Wikipedia has plenty of information on Stairs, his expedition, and the part they played in the ‘Scramble for Africa’. But more can be read in the introduction to African Exploits: The Diaries of William Stairs 1887-1892 by Roy D. MacLaren (sub-titled as ‘A personal account of imperial ambitions in Africa in the nineteenth century’). This was first published by McGill-Queen’s University Press in 1998, and most of it is free to read at Googlebooks. At the time, Roy MacLaren was High Commissioner for Canada to the United Kingdom.

According to the publishers, ‘few diaries of the period convey better than Stairs’s the nature and course of imperialist expeditions in Africa in the nineteenth century and the psychological and moral corruption caused by absolute power’. Stairs’s diaries of the Emin Pasha Relief Expedition, it continues, ‘present a candid, personal account of the long and arduous venture, including a very unflattering assessment of Stanley, whom Stairs described as cruel, secretive, and selfish’.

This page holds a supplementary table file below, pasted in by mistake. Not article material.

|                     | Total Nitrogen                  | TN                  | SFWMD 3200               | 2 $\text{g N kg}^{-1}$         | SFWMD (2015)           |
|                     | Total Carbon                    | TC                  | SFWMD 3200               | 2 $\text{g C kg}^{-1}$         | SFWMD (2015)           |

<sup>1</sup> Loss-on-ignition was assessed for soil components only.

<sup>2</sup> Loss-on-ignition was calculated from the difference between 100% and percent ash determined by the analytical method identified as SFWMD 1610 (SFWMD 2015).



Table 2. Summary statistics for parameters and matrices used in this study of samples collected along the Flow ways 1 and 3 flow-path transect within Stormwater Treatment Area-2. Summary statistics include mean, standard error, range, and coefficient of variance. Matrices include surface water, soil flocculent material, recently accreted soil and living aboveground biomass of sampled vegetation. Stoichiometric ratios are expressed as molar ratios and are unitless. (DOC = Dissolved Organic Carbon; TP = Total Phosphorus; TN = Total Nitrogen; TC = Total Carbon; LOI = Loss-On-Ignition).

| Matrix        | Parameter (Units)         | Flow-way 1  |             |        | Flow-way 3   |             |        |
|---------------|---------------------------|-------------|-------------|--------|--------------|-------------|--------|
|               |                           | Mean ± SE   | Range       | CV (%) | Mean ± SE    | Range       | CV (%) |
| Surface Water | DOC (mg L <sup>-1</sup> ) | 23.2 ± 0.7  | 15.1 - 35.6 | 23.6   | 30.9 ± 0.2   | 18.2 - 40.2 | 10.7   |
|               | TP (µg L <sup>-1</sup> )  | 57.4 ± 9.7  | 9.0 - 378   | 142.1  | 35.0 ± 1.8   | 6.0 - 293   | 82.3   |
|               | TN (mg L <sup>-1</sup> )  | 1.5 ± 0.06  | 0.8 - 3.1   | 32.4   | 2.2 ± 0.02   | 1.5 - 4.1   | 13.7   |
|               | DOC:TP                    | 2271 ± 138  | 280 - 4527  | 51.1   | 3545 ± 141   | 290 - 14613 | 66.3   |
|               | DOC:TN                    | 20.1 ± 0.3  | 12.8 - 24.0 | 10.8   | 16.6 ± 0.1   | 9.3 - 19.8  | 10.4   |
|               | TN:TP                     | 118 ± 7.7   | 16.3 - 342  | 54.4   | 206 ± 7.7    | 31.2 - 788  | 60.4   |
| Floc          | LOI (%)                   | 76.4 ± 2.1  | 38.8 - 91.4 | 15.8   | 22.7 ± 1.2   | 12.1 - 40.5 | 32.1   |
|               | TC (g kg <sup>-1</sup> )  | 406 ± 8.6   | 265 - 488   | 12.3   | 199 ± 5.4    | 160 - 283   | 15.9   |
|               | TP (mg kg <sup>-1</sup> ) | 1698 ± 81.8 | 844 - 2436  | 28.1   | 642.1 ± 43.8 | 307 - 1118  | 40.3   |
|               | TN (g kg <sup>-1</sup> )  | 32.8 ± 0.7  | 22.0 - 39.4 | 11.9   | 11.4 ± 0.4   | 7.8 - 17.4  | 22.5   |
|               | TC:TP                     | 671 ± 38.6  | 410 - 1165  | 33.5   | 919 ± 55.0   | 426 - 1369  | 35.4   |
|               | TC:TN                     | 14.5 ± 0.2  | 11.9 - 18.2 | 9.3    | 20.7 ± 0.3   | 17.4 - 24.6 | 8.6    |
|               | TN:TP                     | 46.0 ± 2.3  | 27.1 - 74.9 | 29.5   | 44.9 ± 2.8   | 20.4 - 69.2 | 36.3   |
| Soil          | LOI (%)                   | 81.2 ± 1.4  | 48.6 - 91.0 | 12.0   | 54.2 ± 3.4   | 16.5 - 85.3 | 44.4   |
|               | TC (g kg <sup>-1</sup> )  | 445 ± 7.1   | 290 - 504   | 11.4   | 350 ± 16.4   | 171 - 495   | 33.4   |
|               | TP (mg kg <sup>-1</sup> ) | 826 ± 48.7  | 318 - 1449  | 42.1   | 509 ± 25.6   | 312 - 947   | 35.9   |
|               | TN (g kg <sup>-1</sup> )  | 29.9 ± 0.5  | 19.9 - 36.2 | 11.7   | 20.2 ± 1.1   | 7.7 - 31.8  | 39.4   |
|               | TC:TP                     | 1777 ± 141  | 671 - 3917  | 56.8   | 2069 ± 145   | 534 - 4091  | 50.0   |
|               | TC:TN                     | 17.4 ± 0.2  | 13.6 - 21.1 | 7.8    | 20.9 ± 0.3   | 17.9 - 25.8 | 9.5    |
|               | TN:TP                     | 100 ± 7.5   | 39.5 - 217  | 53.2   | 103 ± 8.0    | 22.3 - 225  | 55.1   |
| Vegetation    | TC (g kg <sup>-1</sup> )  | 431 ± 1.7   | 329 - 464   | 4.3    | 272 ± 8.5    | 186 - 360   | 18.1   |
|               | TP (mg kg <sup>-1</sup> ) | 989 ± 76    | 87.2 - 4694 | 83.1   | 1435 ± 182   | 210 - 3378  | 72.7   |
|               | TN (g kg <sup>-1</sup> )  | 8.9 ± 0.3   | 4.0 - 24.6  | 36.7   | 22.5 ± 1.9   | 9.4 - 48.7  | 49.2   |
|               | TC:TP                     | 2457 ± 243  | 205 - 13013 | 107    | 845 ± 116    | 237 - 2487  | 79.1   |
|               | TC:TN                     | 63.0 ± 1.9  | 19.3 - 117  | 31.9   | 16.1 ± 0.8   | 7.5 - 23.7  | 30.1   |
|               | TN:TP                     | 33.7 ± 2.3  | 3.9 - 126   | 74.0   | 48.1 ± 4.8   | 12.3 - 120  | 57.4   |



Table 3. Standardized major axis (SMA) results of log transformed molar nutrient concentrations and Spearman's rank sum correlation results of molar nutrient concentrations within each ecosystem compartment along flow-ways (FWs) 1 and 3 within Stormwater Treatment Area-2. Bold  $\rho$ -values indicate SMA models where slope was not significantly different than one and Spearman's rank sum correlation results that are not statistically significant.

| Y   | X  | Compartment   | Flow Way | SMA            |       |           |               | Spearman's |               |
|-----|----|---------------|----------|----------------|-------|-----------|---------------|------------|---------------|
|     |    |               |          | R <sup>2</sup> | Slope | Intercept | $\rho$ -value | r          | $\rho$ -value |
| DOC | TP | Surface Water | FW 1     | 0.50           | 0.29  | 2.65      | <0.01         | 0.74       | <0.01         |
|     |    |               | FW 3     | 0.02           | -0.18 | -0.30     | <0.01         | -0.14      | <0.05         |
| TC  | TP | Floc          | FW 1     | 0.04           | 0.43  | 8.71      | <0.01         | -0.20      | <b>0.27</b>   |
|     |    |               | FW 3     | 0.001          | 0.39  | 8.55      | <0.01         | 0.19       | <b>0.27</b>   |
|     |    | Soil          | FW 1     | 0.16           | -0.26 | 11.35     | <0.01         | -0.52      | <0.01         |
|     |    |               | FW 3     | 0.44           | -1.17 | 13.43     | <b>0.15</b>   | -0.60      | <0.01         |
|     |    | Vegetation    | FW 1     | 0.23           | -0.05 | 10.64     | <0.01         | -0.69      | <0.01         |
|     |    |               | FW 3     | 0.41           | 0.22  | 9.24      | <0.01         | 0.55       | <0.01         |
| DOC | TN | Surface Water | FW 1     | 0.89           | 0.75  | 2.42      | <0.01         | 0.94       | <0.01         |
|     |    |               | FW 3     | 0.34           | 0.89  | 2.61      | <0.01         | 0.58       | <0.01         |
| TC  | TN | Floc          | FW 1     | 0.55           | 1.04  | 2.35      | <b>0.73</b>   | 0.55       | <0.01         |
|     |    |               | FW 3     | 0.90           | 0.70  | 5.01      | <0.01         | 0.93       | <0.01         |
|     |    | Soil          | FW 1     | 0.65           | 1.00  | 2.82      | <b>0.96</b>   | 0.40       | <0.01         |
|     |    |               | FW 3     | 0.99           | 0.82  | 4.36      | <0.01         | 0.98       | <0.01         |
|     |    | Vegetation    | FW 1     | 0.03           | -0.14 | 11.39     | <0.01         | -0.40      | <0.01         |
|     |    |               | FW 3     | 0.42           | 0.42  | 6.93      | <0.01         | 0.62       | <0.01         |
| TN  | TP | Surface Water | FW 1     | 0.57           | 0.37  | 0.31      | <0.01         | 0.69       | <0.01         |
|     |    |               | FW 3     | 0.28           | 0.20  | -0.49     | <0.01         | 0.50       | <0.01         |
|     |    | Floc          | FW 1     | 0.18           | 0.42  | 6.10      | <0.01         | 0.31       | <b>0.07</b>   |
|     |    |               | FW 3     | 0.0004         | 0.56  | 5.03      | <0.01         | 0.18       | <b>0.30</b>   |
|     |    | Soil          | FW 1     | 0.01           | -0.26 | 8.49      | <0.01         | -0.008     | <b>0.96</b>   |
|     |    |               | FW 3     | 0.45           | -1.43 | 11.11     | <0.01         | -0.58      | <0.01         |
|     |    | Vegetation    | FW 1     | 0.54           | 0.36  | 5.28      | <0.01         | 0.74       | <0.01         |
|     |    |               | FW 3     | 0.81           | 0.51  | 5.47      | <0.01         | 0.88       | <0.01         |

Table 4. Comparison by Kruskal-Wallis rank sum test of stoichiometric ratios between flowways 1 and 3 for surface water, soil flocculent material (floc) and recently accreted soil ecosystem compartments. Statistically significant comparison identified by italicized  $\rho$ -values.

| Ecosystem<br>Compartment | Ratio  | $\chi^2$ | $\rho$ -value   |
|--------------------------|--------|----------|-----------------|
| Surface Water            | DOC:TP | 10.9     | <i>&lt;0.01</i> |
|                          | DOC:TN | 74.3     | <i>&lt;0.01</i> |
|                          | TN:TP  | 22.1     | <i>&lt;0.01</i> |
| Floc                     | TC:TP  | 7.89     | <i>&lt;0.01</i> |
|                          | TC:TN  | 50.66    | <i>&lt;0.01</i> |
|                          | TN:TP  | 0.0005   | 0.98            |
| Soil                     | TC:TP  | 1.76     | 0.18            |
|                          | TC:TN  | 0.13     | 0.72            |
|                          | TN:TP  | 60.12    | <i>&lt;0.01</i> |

African Exploits is divided into two main sections: Stairs’s diary of the Emin Pasha expedition, and the diary of the Katanga expedition. According to MacLaren, the latter is less spontaneous and less personal, because it was written as per the terms of his contract, as an expedition diary. It also suffers, he says, from having to be translated back from the French (the only extant version of the Katanga diary is in French in Léopold’s journal Le Congo Illustré) and along the way has lost ‘the lively Victorian idiom which Stairs habitually employed’.

Nevertheless, here are a few extracts from the Katanga diary in African Exploits.

27 August 1891
‘I have tried, during my leisure hours, to write some verse. I certainly have not achieved anything notable, but if I have been able to analyze faithfully the changing lights and shadows of the daily life of an African expedition, I shall have realized a long-held goal.’

28 August 1891